The three piano preludes are among George Gershwin’s undisputed masterpieces. A number of researchers define them as a kind of peak in the “classical” work of the composer. First performed at the Roosevelt Hotel in New York in 1926, these short piano pieces are dedicated to Bill Daly, a friend and musical advisor of the composer.
Each of the preludes is a typical well-known example of early-20th-century American classical music, as influenced by jazz. The two final preludes marked Allegro ben rimato e deciso, are at a quick pace and each of them lasts no more than a minute, and the middle is a slow three-minute blues.
In fact, Gershwin originally planned to compose 24 preludes for this group of works. The process of its creation took three years – from 1923 to 1926. The number was reduced to seven in manuscript form, and then reduced to five in public performance. They were further decreased to THREE when first published in 1926. Two of the remaining preludes not published were rearranged for solo violin and piano and published as Short Story. Of the other two, the Prelude in G was eliminated by the publisher because somewhat similar music had already appeared in Gershwin’s Concerto in F. The other was excluded for unknown reasons.
Written in B flat major, The First prelude is a melody of jerky, syncopated rhythm influenced by Brazilian dance music. These give the piece a strong jazz feel, and although these sounds are far from adventurous by modern standards, to the audiences of the late 1920s they were almost unheard of. The second prelude in C-sharp minor also has the distinct flavour of jazz. The piece begins with a subdued melody winding its way above a smooth, steady baseline. The harmonies and melodies of this piece emphasize the major/minor duality of the blues scale. Gershwin himself referred to the piece as “a sort of blues lullaby.” The third prelude – in E flat minor – is called “Spanish” by Gershwin and was probably perceived as such by his first listeners, but modern ears may find such a definition puzzling. After a brief and dramatic introduction, the main theme is revealed: two melodies that together form a question-and-answer pair. This theme is used throughout to provide harmonic structure. The “question” is harmonized using E-flat minor chords, the “answer” by E-flat major chords. After a brief, highly syncopated middle section, the melodic pair returns assertively in octaves. Major wins and the piece concludes with a flourish.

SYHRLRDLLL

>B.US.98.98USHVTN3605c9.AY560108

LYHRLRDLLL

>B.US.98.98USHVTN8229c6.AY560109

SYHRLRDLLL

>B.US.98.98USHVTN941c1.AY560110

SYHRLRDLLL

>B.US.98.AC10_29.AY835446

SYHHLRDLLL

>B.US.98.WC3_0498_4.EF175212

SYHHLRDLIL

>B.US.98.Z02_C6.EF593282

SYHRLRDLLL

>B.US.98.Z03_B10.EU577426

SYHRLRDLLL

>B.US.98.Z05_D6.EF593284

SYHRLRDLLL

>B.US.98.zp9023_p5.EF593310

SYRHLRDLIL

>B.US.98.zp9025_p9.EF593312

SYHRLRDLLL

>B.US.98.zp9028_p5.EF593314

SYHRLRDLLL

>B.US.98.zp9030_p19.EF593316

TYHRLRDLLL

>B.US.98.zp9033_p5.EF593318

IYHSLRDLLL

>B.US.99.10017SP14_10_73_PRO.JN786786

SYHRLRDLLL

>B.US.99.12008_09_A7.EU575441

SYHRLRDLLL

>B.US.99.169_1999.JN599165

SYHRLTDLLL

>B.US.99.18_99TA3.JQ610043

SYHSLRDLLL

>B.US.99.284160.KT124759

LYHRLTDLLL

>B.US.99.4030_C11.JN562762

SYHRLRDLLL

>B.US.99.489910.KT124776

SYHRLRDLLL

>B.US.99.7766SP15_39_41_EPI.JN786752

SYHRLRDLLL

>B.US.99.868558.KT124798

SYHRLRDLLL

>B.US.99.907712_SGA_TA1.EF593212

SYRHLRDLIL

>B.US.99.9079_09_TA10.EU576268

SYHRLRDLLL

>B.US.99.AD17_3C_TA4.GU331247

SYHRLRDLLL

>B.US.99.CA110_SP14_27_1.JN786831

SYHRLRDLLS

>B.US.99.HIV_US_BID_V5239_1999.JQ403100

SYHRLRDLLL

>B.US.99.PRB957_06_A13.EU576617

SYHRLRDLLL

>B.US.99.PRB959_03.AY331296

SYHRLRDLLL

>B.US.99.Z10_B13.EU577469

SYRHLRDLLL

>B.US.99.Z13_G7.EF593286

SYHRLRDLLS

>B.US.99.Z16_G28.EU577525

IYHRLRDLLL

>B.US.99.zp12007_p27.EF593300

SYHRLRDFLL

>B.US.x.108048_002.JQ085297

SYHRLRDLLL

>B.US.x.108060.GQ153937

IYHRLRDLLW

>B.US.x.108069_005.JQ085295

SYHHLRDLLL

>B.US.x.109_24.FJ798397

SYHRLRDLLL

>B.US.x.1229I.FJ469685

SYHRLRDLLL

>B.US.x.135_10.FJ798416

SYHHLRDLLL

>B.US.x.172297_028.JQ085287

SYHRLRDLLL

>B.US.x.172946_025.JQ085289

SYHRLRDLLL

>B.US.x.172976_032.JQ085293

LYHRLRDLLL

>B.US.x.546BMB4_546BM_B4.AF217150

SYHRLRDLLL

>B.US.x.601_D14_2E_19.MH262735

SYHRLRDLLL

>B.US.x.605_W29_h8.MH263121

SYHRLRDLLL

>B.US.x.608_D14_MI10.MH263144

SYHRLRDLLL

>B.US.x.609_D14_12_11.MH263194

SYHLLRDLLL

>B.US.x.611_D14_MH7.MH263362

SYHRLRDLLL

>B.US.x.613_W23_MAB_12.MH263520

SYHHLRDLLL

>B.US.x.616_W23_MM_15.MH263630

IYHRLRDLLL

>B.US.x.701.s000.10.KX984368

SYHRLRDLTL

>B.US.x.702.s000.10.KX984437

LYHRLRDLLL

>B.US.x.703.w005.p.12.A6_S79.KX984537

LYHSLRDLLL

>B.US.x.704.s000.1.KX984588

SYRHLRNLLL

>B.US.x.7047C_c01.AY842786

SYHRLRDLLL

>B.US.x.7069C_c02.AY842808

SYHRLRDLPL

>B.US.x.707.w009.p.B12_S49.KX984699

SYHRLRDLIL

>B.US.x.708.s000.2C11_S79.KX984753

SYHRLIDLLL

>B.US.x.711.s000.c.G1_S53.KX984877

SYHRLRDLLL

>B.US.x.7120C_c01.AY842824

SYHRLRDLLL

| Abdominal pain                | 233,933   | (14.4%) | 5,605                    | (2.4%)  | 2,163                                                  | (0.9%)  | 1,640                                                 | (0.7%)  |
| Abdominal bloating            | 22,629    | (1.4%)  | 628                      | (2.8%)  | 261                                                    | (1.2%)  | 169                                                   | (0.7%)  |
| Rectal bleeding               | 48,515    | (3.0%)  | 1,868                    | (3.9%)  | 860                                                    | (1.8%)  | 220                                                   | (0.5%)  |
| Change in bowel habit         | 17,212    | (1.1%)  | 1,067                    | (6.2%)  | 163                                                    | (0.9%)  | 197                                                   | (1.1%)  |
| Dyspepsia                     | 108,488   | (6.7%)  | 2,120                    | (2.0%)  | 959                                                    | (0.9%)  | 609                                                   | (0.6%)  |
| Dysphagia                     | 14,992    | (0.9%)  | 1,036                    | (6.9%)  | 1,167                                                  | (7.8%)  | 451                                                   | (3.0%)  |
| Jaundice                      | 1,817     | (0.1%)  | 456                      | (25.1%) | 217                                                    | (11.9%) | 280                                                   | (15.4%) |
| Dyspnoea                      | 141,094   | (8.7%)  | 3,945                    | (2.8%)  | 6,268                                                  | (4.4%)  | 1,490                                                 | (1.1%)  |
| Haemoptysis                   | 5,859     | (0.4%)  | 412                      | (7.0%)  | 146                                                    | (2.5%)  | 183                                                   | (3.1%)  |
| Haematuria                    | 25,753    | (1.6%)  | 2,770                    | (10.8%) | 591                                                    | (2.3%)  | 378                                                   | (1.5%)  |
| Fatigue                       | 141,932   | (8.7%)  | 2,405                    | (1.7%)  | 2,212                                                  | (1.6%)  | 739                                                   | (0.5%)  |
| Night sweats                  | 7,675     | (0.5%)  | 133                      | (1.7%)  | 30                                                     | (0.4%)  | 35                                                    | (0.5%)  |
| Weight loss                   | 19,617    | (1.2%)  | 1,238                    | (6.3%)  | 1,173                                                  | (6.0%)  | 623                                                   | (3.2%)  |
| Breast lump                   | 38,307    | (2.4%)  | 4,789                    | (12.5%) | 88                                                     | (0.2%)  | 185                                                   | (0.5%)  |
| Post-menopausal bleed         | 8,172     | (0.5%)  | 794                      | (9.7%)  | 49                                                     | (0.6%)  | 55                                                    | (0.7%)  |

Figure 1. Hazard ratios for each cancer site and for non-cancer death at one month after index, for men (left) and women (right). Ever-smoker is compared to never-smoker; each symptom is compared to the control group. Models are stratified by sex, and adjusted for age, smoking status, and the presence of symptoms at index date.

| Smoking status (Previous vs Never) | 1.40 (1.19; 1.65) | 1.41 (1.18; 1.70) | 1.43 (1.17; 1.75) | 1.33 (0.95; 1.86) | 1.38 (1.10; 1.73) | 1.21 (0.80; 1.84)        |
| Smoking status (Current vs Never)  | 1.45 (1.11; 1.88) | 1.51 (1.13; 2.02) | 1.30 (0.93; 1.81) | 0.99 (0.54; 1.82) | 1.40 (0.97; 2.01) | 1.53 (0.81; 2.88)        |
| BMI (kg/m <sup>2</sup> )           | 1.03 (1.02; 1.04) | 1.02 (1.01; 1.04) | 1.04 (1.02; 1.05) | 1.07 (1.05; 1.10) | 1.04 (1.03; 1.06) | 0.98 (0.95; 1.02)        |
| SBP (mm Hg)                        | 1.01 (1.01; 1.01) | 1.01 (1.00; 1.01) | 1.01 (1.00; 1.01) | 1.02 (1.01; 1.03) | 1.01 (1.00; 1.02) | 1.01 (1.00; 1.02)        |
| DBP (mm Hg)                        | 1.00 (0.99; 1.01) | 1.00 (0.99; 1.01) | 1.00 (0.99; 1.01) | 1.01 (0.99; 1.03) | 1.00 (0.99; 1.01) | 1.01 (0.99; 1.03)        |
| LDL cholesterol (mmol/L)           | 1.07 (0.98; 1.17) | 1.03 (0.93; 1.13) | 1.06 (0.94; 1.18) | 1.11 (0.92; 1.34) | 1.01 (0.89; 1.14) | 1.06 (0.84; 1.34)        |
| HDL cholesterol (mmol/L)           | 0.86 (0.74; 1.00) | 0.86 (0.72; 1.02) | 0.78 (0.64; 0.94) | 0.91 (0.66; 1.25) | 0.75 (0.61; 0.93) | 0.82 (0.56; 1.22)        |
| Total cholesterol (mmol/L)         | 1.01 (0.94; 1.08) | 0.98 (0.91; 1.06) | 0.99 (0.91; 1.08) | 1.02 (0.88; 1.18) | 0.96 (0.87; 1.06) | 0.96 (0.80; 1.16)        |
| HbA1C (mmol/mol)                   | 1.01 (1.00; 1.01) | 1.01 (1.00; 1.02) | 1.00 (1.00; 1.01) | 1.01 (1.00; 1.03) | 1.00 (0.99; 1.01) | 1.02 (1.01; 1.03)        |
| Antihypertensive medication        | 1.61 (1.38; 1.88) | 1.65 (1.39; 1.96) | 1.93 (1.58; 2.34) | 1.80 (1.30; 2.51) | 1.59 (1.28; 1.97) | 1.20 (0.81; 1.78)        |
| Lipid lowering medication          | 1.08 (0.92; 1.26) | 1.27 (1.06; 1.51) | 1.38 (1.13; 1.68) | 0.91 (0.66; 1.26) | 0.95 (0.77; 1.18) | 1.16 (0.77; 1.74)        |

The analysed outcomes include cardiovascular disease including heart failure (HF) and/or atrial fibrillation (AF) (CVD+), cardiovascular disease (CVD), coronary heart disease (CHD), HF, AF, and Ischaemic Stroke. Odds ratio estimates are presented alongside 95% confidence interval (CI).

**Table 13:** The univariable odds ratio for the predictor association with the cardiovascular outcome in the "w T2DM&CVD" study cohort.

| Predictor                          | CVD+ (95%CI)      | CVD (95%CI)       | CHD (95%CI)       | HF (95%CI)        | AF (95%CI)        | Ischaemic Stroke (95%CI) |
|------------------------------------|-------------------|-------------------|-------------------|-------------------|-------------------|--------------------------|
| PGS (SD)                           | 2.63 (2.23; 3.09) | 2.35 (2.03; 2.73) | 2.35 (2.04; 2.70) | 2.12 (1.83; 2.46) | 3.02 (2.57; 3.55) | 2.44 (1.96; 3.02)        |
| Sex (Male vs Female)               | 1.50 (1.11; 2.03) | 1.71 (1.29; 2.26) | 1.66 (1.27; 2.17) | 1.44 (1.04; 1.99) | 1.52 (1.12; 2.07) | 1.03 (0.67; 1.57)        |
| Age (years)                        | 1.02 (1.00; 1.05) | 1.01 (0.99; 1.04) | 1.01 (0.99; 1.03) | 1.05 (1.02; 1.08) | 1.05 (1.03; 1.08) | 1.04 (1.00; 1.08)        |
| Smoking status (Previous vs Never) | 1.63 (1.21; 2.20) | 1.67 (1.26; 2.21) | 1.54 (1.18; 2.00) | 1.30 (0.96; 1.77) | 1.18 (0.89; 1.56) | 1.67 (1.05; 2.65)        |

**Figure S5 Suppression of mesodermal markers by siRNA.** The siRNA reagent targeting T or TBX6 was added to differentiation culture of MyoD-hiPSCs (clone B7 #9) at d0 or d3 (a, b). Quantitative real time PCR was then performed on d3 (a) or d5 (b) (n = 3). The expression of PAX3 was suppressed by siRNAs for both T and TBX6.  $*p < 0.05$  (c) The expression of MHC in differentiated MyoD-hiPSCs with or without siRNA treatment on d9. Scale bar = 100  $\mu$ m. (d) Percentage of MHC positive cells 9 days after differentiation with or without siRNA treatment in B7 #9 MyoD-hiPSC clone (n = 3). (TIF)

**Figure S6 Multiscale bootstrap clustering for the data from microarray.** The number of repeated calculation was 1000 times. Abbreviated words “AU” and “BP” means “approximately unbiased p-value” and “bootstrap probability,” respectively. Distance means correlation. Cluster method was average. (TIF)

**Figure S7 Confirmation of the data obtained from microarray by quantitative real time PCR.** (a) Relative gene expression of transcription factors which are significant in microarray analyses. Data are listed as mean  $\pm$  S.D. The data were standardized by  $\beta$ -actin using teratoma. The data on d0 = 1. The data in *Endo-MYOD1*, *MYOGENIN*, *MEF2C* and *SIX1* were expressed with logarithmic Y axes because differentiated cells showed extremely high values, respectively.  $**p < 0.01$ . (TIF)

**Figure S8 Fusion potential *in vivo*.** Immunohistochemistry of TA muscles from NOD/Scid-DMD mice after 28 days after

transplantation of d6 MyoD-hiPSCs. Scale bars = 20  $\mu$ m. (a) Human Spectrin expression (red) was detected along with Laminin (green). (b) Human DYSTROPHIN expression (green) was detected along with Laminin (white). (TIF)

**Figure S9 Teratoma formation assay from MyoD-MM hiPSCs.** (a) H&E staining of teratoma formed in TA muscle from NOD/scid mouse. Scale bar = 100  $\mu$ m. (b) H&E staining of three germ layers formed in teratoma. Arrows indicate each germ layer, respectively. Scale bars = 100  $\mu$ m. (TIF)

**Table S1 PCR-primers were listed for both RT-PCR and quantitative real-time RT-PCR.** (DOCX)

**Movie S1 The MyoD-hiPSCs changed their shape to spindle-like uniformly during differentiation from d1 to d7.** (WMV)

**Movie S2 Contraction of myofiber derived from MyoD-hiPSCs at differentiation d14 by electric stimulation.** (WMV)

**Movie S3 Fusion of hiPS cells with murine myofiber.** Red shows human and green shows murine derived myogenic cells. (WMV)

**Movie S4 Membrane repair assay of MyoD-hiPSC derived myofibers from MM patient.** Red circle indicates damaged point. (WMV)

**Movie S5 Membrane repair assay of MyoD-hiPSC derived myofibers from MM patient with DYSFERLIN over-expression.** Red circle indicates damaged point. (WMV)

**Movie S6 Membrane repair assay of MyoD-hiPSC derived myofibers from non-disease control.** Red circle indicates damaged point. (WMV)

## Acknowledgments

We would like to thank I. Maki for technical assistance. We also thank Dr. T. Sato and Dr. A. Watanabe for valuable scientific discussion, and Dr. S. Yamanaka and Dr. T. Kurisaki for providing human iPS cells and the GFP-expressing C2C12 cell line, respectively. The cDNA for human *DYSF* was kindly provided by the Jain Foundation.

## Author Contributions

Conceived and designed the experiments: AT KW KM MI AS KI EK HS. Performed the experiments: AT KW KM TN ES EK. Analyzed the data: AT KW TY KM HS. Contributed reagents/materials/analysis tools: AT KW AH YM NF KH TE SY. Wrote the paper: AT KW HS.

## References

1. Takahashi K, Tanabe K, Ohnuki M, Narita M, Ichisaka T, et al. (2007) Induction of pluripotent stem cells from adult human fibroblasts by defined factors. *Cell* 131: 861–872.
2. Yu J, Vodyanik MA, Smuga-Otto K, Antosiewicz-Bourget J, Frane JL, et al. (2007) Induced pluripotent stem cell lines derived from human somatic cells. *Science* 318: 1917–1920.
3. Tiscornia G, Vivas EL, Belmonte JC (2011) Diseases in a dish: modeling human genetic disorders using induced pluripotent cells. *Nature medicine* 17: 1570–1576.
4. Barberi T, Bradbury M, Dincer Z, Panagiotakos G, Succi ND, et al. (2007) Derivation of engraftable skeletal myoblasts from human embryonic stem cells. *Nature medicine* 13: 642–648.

The Three Preludes is Gershwin’s only known solo piano concerto published in his lifetime. On September 8th , 1937, they were performed in Hollywood Bowl in memory of the composer, who died suddenly in July that same year. And in 1942, the world-famous violinist Jascha Heifetz transcribed them for violin and piano, and made them a permanent part of the performers’ repertoire. There are also other prelude arrangements for various instruments, small ensembles and piano.